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timothydhalleine contributor

Hiking the Torres del Paine “O” Trek 1/9

Introduction & Arrival - Part 1 of 9

If you are an avid hiker and love wandering in remote wild places, the Torres del Paine “O” Circuit was made for you. This 9-Day hike in Southern Chile is no joke; it’s a demanding journey along dramatic mountains, giant ice fields, and vast forests. You must be in a good shape to hike through this irregular terrain for 138 kilometers (85 miles), yet these epic landscapes should quickly make you forget how exhausted you really are at the end of the day.

Let’s be honest: I was no professional hiker when I undertook this trek. I wanted to be immersed in nature and the wilds of Patagonia seemed like a fabulous destination. I chose the end of the season (late March) because I wanted to avoid the crowds. The circuit is open from October to March (Spring and Summer in the Southern hemisphere), as some areas may be covered by snow in Autumn and Winter. March was just fine, even though some travelers told me stories of heavy rains (which I didn’t experience, fortunately). I could have chosen to do the famous “W” Trek – Torres del Paine National Park’s most famous trek, two times shorter than the “O” – but I chose the “O” circuit (which includes the “W”) for its more thrilling trails. Now that I’ve finished it, I am convinced I made the right decision.

Follow this guide for my day-by-day experience so you can understand why this trekking circuit is amongst the most beautiful hiking experiences on Earth.

EcoCamp Patagonia, the geodesic hotel in which I stayed EcoCamp Patagonia, the geodesic hotel in which I stayed

Conquering the Torres del Paine “O” Circuit in Patagonia - Part 2 Day 1: Arrival in Patagonia

Getting to Patagonia takes time, yet it is way easier than years ago, as new airports have been built here and there. Punta Arenas airport is the most common way to get to Torres del Paine National Park, but the park is still a 5-hour drive from the airport. I woke up as the plane landed a few meters away from the Magellan Strait, after 3 and a half hours of flying from Santiago de Chile to the world’s end. From the window I could see the sun shining over endless plains. These flat lands - called “pampa” - are Patagonia’s most usual landscape and cover a huge part of Argentina and Chile.

As I left the airport, the first thing I experienced were wind gusts. The infamous winds of Patagonia are no lie and Punta Arenas is well known for its constant gusts that were a nightmare to the first settlers in the region. I entered the van and we started our 3-hour journey to Puerto Natales, the nearest city to Torres del Paine. After another nap, we reached the charming tourist city, a peaceful town surrounded by fjords and mountains. I met the rest of the group. We would be a team of 7 hikers from a variety of countries, and ranging from 28 to 65 years old.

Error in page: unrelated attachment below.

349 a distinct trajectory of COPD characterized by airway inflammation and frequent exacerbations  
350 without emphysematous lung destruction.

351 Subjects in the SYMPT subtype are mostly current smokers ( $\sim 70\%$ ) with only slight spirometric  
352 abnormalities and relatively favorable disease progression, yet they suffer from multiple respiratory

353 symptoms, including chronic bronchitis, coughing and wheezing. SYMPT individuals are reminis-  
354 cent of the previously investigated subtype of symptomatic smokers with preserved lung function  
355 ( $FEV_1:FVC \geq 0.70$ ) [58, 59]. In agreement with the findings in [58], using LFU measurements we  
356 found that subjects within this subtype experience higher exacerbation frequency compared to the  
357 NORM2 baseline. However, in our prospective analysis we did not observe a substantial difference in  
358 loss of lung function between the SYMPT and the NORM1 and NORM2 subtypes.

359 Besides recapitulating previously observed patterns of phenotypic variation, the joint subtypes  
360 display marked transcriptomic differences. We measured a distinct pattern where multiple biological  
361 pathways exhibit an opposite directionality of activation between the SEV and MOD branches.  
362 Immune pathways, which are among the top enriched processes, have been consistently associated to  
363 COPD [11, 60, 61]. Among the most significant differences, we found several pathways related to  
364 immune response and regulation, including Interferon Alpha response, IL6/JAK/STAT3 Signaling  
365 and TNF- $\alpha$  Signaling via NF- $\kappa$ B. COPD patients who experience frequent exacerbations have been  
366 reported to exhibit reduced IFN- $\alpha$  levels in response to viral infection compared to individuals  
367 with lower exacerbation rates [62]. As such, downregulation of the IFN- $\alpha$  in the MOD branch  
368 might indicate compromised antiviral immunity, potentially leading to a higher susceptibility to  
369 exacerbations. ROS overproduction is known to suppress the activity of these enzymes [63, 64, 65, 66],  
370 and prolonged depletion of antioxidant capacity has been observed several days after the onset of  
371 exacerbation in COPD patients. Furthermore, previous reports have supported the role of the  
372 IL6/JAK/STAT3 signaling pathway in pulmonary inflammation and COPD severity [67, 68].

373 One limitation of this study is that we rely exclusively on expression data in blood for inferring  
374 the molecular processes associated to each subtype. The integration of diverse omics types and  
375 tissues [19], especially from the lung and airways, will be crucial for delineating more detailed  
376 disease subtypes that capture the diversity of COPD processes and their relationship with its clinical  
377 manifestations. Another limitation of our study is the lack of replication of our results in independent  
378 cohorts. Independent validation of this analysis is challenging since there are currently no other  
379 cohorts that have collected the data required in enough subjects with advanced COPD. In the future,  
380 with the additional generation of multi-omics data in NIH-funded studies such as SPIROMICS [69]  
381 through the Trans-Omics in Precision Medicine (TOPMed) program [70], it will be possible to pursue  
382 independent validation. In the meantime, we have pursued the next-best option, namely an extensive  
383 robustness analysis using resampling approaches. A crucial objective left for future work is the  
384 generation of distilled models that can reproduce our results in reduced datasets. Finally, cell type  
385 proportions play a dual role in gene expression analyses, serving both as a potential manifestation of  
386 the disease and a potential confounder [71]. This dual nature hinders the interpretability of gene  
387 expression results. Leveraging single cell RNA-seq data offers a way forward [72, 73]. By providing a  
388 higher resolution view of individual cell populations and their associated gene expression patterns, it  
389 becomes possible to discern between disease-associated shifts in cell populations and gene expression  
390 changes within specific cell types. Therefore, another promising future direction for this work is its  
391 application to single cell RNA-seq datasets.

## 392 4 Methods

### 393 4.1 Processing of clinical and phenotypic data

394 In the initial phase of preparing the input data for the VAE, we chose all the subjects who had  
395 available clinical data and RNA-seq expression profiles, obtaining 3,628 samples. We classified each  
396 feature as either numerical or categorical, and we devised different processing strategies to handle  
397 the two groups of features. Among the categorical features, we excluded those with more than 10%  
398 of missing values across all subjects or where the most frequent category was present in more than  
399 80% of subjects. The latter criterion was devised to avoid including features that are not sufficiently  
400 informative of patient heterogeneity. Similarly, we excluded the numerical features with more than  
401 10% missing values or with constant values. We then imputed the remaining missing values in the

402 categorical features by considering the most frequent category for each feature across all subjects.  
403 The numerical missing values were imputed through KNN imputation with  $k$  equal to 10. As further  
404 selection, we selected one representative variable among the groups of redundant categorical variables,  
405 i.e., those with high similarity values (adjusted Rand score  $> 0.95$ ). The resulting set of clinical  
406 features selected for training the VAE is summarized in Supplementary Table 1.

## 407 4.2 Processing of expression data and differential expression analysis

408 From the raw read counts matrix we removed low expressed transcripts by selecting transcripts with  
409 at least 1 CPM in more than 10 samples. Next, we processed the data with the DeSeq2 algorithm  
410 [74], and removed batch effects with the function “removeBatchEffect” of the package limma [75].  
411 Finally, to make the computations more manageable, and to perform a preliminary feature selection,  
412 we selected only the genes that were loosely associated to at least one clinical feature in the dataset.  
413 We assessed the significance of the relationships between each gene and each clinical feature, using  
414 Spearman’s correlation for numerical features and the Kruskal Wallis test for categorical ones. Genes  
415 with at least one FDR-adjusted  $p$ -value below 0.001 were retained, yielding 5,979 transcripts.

We had a nice lunch in one of Puerto Natales’ many delicious restaurants and then started the last portion of the trip. The landscape quickly changed as the monotonous pampa disappeared to make way for lush green forests and blue lakes. I saw the first herds of guanacos, these funny camelids that are the puma’s favorite prey in this part of the world. Torres del Paine National Park appeared in the distance. It did not take long for me to identify the three granite towers that gave their name to the park. The park was established in 1959 and covers an area of 181.414 hectares (700 sq. miles), hence the dozens of trails for all tastes. We would do a 360° hike of the mountain range that attracts more than 250,000 visitors from around the world every year.

First night in Torres del Paine National Park (what a view!) First night in Torres del Paine National Park (what a view!)

There are different options to stay in the park. The starting point of the circuit is called “Las Torres” sector. There is a refuge, a campsite and two hotels. I chose EcoCamp Patagonia, the first geodesic hotel in the world that cares for its footprint and does all the logistics for the circuit. We would have porters to help us carry less weight and set up the tents at night. A guide would lead the group in the mountains. His name was Pablo “Brujo”, a Chilean native who has spent years hiking through Patagonia’s remote mountains.

Brujo gave us a complete briefing over a generous cocktail - tomorrow was going to be a long day. I did not wait long before heading to my dome, a charming hobbit-like room with a fabulous view of the towers. There could not be a better start to this journey.